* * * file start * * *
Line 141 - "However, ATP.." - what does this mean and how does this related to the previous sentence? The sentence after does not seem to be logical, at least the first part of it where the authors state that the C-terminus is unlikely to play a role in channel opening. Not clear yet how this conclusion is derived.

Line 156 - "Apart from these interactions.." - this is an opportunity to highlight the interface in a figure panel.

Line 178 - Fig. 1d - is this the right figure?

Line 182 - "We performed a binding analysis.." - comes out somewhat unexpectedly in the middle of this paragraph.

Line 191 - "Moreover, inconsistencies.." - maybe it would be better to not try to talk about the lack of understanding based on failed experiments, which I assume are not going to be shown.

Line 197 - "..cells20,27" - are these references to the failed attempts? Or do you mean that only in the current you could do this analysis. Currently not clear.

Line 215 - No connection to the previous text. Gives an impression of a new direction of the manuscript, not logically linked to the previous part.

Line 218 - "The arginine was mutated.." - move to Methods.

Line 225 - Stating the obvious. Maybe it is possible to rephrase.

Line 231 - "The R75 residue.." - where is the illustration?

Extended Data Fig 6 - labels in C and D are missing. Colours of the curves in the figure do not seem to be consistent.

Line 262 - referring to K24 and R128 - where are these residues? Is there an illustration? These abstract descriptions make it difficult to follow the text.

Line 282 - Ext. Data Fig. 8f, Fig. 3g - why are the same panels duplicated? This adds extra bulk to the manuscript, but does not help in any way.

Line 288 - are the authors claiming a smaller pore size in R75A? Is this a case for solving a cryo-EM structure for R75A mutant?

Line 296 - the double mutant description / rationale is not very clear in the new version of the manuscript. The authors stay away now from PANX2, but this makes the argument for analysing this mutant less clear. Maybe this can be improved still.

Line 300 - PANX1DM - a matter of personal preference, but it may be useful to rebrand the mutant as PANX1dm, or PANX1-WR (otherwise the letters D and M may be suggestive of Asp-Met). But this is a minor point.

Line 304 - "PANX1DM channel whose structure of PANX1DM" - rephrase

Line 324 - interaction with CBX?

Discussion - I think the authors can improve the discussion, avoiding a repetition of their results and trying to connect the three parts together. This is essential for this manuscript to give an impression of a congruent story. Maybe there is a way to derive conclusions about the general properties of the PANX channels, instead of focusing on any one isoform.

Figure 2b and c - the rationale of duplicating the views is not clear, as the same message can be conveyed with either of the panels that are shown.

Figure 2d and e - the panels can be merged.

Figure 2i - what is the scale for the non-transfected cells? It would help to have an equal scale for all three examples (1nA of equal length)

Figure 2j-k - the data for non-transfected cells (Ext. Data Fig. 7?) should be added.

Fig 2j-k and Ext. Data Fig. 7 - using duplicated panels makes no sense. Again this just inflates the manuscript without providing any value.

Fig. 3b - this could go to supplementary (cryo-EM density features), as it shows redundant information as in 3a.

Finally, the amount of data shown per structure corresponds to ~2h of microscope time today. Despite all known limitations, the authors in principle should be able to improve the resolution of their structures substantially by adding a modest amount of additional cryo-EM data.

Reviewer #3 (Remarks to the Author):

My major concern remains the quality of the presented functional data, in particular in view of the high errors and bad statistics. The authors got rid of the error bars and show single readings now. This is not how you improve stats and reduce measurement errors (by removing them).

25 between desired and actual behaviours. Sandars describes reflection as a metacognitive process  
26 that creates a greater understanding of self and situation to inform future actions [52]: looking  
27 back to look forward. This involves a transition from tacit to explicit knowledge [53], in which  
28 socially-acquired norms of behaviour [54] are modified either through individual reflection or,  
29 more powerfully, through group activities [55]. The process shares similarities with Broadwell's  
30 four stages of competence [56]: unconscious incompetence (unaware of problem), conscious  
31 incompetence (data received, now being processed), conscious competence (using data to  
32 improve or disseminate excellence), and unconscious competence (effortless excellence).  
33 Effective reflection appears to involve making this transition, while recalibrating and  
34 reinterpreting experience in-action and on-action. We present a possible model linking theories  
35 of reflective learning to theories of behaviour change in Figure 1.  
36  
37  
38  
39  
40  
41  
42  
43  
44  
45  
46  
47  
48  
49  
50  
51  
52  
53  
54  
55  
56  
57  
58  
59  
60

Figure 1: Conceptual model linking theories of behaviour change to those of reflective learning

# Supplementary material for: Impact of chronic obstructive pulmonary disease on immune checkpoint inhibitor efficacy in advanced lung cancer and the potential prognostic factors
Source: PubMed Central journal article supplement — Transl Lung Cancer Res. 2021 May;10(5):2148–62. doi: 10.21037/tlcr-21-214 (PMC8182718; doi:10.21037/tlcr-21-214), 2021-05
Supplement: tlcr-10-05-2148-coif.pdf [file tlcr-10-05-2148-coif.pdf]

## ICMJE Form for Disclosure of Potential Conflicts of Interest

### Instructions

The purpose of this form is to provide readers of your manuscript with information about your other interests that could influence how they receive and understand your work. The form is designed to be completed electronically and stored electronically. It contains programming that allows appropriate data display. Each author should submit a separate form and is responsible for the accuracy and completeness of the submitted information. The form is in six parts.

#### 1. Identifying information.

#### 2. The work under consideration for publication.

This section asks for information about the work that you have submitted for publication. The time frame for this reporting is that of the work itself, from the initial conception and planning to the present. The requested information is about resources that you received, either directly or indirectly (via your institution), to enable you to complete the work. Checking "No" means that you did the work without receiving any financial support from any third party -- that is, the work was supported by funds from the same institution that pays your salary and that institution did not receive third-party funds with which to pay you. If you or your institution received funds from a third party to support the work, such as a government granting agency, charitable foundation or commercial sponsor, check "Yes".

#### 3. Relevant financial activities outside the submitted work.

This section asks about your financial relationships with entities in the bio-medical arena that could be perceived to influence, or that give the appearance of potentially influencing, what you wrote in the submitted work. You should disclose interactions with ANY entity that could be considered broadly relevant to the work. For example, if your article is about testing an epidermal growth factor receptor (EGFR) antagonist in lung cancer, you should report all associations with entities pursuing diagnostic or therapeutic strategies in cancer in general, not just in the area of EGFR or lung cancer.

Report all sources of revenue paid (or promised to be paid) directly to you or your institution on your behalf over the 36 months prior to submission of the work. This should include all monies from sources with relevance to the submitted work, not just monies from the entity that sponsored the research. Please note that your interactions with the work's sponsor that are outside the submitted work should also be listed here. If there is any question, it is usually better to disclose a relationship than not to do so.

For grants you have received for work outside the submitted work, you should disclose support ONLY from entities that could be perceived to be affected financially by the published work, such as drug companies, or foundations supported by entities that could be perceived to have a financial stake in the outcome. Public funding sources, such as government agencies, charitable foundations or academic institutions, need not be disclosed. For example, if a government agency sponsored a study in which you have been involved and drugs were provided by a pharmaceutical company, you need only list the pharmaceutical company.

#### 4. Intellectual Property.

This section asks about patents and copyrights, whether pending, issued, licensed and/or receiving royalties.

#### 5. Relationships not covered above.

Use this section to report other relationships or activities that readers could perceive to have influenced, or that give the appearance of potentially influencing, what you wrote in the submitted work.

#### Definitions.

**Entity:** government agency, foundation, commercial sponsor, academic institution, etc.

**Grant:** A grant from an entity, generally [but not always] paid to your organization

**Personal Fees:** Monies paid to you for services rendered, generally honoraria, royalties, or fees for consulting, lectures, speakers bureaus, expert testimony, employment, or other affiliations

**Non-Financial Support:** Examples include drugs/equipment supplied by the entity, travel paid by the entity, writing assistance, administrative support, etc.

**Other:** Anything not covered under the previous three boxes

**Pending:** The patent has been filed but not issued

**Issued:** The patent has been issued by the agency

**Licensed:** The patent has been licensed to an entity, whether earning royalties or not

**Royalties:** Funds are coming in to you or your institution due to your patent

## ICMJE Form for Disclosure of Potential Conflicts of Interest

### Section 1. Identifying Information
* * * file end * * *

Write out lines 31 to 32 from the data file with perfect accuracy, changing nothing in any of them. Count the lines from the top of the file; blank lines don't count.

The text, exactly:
27 back to look forward. This involves a transition from tacit to explicit knowledge [53], in which  
28 socially-acquired norms of behaviour [54] are modified either through individual reflection or,  